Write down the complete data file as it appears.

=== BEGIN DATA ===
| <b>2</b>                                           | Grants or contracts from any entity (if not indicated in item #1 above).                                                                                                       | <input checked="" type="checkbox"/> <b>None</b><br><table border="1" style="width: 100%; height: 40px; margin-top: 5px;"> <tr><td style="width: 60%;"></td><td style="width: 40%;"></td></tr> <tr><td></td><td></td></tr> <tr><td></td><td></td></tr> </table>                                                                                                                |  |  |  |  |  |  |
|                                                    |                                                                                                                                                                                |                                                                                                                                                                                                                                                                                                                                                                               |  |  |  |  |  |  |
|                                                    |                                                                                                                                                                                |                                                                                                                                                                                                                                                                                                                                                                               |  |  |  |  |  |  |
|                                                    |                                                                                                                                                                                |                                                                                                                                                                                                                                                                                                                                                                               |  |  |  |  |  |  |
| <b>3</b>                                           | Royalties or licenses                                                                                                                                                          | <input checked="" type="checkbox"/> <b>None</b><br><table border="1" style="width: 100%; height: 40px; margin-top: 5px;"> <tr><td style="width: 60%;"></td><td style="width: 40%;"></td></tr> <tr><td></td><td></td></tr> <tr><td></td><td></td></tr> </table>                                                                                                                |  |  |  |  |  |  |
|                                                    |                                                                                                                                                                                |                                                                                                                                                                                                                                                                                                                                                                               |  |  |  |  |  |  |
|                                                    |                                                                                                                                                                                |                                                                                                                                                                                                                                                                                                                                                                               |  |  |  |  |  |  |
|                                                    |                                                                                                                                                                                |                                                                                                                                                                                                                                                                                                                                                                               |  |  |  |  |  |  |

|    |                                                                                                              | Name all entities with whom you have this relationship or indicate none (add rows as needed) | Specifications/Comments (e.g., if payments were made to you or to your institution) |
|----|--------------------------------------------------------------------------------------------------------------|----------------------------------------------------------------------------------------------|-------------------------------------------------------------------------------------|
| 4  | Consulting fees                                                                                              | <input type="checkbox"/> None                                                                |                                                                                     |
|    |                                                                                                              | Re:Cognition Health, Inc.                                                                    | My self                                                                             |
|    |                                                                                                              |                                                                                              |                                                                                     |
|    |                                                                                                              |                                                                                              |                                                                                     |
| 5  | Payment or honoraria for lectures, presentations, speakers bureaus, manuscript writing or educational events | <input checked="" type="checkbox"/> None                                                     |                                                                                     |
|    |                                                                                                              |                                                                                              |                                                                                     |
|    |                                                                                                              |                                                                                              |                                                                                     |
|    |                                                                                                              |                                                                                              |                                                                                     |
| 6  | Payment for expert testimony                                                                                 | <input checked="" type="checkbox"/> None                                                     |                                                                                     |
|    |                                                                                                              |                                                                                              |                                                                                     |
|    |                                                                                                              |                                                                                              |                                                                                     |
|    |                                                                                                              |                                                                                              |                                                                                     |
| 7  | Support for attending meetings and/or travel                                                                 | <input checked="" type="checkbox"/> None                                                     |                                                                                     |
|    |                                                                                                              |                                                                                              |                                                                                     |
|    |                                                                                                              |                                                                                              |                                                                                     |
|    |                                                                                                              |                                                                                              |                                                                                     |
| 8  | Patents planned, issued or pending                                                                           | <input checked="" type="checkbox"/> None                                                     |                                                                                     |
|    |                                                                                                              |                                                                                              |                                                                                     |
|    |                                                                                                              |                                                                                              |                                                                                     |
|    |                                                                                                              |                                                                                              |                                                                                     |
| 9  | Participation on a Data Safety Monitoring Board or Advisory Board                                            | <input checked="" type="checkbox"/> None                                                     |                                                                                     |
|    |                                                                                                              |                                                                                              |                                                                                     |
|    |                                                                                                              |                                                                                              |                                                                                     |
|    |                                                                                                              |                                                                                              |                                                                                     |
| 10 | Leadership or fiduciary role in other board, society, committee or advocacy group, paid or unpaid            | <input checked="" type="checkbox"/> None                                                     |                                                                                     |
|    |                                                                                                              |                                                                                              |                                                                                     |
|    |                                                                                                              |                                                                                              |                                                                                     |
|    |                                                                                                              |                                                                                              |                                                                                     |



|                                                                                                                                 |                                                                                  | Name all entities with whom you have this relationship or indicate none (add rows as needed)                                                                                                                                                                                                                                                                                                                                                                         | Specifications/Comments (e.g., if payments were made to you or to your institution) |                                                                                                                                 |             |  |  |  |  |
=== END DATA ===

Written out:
| <b>2</b>                                           | Grants or contracts from any entity (if not indicated in item #1 above).                                                                                                       | <input checked="" type="checkbox"/> <b>None</b><br><table border="1" style="width: 100%; height: 40px; margin-top: 5px;"> <tr><td style="width: 60%;"></td><td style="width: 40%;"></td></tr> <tr><td></td><td></td></tr> <tr><td></td><td></td></tr> </table>                                                                                                                |  |  |  |  |  |  |
|                                                    |                                                                                                                                                                                |                                                                                                                                                                                                                                                                                                                                                                               |  |  |  |  |  |  |
|                                                    |                                                                                                                                                                                |                                                                                                                                                                                                                                                                                                                                                                               |  |  |  |  |  |  |
|                                                    |                                                                                                                                                                                |                                                                                                                                                                                                                                                                                                                                                                               |  |  |  |  |  |  |
| <b>3</b>                                           | Royalties or licenses                                                                                                                                                          | <input checked="" type="checkbox"/> <b>None</b><br><table border="1" style="width: 100%; height: 40px; margin-top: 5px;"> <tr><td style="width: 60%;"></td><td style="width: 40%;"></td></tr> <tr><td></td><td></td></tr> <tr><td></td><td></td></tr> </table>                                                                                                                |  |  |  |  |  |  |
|                                                    |                                                                                                                                                                                |                                                                                                                                                                                                                                                                                                                                                                               |  |  |  |  |  |  |
|                                                    |                                                                                                                                                                                |                                                                                                                                                                                                                                                                                                                                                                               |  |  |  |  |  |  |
|                                                    |                                                                                                                                                                                |                                                                                                                                                                                                                                                                                                                                                                               |  |  |  |  |  |  |

|    |                                                                                                              | Name all entities with whom you have this relationship or indicate none (add rows as needed) | Specifications/Comments (e.g., if payments were made to you or to your institution) |
|----|--------------------------------------------------------------------------------------------------------------|----------------------------------------------------------------------------------------------|-------------------------------------------------------------------------------------|
| 4  | Consulting fees                                                                                              | <input type="checkbox"/> None                                                                |                                                                                     |
|    |                                                                                                              | Re:Cognition Health, Inc.                                                                    | My self                                                                             |
|    |                                                                                                              |                                                                                              |                                                                                     |
|    |                                                                                                              |                                                                                              |                                                                                     |
| 5  | Payment or honoraria for lectures, presentations, speakers bureaus, manuscript writing or educational events | <input checked="" type="checkbox"/> None                                                     |                                                                                     |
|    |                                                                                                              |                                                                                              |                                                                                     |
|    |                                                                                                              |                                                                                              |                                                                                     |
|    |                                                                                                              |                                                                                              |                                                                                     |
| 6  | Payment for expert testimony                                                                                 | <input checked="" type="checkbox"/> None                                                     |                                                                                     |
|    |                                                                                                              |                                                                                              |                                                                                     |
|    |                                                                                                              |                                                                                              |                                                                                     |
|    |                                                                                                              |                                                                                              |                                                                                     |
| 7  | Support for attending meetings and/or travel                                                                 | <input checked="" type="checkbox"/> None                                                     |                                                                                     |
|    |                                                                                                              |                                                                                              |                                                                                     |
|    |                                                                                                              |                                                                                              |                                                                                     |
|    |                                                                                                              |                                                                                              |                                                                                     |
| 8  | Patents planned, issued or pending                                                                           | <input checked="" type="checkbox"/> None                                                     |                                                                                     |
|    |                                                                                                              |                                                                                              |                                                                                     |
|    |                                                                                                              |                                                                                              |                                                                                     |
|    |                                                                                                              |                                                                                              |                                                                                     |
| 9  | Participation on a Data Safety Monitoring Board or Advisory Board                                            | <input checked="" type="checkbox"/> None                                                     |                                                                                     |
|    |                                                                                                              |                                                                                              |                                                                                     |
|    |                                                                                                              |                                                                                              |                                                                                     |
|    |                                                                                                              |                                                                                              |                                                                                     |
| 10 | Leadership or fiduciary role in other board, society, committee or advocacy group, paid or unpaid            | <input checked="" type="checkbox"/> None                                                     |                                                                                     |
|    |                                                                                                              |                                                                                              |                                                                                     |
|    |                                                                                                              |                                                                                              |                                                                                     |
|    |                                                                                                              |                                                                                              |                                                                                     |



|                                                                                                                                 |                                                                                  | Name all entities with whom you have this relationship or indicate none (add rows as needed)                                                                                                                                                                                                                                                                                                                                                                         | Specifications/Comments (e.g., if payments were made to you or to your institution) |                                                                                                                                 |             |  |  |  |  |